A newly drawn San Francisco supervisor district anchored by the Castro, a famous gay neighborhood, helped Harvey Milk become the first out elected official in California. Now, the same principle that lifted Milk decades ago is at the center of a redistricting campaign to boost lesbian, gay, bisexual and transgender candidates around the country next year.
The LGBTQ Victory Fund is launching a first-of-its-kind effort to lobby redistricting authorities in different states to consider gay populations as “communities of interest” in map-drawing, the same status given to Black and Latino voters, and other racial and ethnic groups. That means mapmakers draw some districts so those groups can elect their candidate of choice in local, state or federal races.
Those “opportunity districts” have contributed to explosive growth of people of color in elected office. And even four decades later, Milk’s story illustrates the potentially transformative power of redistricting. The famed gay rights icon lost two previous campaigns in San Francisco before the creation of a new district that didn’t dilute the electoral power of gay voters.
“It’s about the awareness that these communities exist, and not to just ignore them and to dismiss them,” said state Rep. Brianna Titone, the first trans legislator in Colorado, who signed onto a letter urging her state’s redistricting commission to keep gay neighborhoods united. “We do have a collective voice that we want to be heard.”
The Victory Fund’s campaign, “We Belong Together,” is rolling out this week with a two-pronged strategy: get allied organizations to lobby mapmakers to keep gay areas intact, a process that has already begun in some states, and start assembling data showing exactly where LGBTQ communities are located to speed the process along. The campaign launch coincides with the Census Bureau’s planned Thursday release of the data that states will use to draw new political boundaries.
The group’s top targets are in Arizona, California, Colorado, Michigan and Montana — states where redistricting is done by nonpartisan commissions that have mechanisms in place to solicit and collect voter outreach, as opposed to state legislators drawing the maps.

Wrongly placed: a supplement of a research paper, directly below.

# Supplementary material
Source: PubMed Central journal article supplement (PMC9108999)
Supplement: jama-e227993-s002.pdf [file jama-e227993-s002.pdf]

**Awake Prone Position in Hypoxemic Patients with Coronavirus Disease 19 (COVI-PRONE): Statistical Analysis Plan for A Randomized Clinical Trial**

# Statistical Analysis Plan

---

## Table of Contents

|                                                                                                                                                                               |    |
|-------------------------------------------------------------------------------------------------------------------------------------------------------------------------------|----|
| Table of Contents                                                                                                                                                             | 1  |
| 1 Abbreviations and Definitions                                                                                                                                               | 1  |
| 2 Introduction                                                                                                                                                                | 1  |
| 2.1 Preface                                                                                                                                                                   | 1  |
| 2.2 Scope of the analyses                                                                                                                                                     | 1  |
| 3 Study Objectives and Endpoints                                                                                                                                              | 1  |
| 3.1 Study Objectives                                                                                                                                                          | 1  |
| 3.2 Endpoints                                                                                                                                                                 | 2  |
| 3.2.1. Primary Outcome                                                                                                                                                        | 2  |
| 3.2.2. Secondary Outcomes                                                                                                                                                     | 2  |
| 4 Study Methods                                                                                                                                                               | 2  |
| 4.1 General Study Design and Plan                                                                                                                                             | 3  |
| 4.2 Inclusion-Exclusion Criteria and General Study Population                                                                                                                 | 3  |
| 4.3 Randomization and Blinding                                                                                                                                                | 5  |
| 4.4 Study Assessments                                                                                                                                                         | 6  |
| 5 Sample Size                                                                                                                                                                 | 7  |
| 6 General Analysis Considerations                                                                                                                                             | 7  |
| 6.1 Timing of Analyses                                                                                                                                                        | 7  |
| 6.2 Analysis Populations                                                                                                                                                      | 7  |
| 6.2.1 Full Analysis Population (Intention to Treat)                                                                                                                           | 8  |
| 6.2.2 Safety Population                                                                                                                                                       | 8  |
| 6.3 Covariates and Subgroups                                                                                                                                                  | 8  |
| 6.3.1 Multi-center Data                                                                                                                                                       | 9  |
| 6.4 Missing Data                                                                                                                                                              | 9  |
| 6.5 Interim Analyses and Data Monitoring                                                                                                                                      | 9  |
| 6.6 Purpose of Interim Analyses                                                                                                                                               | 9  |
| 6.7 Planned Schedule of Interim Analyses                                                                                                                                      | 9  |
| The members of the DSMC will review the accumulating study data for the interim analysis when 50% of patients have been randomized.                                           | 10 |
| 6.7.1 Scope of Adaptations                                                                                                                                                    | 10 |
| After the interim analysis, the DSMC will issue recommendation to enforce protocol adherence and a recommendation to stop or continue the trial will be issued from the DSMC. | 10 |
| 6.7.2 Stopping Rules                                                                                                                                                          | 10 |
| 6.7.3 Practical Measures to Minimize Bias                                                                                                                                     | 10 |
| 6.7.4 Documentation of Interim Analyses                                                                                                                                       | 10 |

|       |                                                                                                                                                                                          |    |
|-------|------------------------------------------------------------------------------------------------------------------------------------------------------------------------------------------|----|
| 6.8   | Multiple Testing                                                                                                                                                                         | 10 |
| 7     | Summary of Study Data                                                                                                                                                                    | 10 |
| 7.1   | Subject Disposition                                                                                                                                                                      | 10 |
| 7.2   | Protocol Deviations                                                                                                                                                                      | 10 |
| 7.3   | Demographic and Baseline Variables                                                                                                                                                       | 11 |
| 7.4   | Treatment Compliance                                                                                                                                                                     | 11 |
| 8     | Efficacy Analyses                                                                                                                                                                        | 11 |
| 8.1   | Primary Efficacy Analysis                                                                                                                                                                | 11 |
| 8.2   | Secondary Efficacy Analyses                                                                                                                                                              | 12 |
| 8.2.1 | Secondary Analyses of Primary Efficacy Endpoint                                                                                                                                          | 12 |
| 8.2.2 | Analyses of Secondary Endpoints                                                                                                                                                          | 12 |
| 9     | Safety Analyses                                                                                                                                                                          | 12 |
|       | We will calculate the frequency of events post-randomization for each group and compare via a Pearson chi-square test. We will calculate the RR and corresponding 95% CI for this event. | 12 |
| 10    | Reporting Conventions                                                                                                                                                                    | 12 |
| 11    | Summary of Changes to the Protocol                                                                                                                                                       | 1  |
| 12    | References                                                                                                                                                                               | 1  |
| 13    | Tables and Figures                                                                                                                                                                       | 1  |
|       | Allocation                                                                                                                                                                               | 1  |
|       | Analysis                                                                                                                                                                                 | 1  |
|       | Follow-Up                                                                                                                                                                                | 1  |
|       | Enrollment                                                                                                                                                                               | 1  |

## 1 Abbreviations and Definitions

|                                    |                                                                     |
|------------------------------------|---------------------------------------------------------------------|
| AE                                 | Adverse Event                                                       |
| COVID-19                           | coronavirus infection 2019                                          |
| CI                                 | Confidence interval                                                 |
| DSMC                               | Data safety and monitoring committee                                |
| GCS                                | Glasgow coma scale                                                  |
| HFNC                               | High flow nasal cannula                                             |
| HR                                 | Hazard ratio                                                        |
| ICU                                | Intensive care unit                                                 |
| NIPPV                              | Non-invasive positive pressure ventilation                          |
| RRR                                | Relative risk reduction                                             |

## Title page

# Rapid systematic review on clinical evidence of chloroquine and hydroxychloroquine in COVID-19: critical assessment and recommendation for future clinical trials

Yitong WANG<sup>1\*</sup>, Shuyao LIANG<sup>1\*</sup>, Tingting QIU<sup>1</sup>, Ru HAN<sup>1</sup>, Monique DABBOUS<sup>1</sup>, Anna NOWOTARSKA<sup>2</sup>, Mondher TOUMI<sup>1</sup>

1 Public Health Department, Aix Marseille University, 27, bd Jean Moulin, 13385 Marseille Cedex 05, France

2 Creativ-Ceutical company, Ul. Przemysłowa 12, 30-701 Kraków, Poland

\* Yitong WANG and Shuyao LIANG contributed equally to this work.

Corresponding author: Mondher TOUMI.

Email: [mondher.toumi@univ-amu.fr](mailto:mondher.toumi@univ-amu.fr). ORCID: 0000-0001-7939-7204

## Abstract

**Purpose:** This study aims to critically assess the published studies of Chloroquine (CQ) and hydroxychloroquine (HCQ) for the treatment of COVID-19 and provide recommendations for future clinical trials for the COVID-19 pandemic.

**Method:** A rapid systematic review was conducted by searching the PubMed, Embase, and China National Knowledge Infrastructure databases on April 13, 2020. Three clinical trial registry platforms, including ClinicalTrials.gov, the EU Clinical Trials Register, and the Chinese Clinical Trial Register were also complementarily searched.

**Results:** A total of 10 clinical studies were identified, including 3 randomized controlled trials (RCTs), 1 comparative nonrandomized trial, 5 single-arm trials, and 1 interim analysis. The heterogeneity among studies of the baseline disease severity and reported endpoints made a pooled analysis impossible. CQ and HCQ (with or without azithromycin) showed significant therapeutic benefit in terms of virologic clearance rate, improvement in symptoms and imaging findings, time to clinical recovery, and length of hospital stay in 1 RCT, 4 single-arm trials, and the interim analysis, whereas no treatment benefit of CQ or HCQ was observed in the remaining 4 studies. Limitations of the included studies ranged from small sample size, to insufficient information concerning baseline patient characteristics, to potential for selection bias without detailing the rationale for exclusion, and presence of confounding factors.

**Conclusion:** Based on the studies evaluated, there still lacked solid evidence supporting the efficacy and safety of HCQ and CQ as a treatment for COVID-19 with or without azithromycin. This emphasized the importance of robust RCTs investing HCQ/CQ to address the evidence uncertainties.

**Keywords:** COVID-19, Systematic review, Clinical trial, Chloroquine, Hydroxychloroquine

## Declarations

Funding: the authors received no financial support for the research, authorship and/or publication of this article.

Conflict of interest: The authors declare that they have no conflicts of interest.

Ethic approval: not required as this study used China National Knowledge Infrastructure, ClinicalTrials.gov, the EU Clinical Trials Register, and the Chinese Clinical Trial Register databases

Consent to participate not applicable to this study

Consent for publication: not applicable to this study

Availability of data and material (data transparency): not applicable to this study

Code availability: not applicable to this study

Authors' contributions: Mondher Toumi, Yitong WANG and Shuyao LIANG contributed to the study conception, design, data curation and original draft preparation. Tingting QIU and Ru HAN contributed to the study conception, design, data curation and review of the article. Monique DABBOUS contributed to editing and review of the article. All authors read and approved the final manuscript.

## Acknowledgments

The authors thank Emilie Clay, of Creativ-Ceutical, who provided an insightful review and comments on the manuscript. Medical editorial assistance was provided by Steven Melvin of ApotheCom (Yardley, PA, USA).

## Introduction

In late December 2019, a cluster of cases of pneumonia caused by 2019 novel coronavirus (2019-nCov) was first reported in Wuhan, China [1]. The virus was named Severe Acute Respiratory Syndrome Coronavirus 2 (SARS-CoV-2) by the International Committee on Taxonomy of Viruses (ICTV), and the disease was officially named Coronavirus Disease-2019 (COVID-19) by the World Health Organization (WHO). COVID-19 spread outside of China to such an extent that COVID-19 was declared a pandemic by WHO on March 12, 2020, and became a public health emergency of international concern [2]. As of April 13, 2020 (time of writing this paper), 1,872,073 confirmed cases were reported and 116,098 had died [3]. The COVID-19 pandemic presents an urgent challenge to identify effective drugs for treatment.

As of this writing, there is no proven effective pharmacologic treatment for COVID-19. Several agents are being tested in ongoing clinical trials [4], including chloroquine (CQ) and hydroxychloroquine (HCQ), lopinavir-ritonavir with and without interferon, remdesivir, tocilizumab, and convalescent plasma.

“Legislators can ignore public input,” Titone said. “They do it all the time.”
This process might have its greatest impact at the municipal level, where it’s easier for a concentrated LGBTQ community to reach critical mass in a city council district. Strategists for the project have already identified several cities that could benefit from the effort.
Washington, D.C., which has the highest LGBTQ population percentage in the country, currently has no openly gay members on its council. Philadelphia is one of the largest cities to have never elected an openly LGBTQ person to its council, despite a vibrant community in the Gayborhood section of its Center City.
“We all know how consequential redistricting is for representation,” said Elliot Imse, a spokesperson for the Victory Fund. “A line drawn in the middle of a neighborhood with a large LGBTQ population can be the difference between electing an LGBTQ person to city council or state legislature or having zero people in these places.”
In Florida’s state legislative map, the town of Wilton Manors, which in 2018 elected an all-gay city commission, is separated from most of Fort Lauderdale, which has also has a burgeoning gay population.
Greenwich Village, home to the Stonewall Inn, an iconic New York landmark of the gay rights movement, is consistently represented by a LGBTQ city councilperson. But strategic redistricting around Hell’s Kitchen and Chelsea could yield more gay allies on the council. Other potential LGBTQ hotspots: Decatur, northeast of Atlanta, has a high proportion of same-sex couples, and downtown Boise, Idaho, has a sizable gay community.
The education component of the campaign will bring awareness to places where past redistricting divided LGBTQ communities, whether that was intended or not.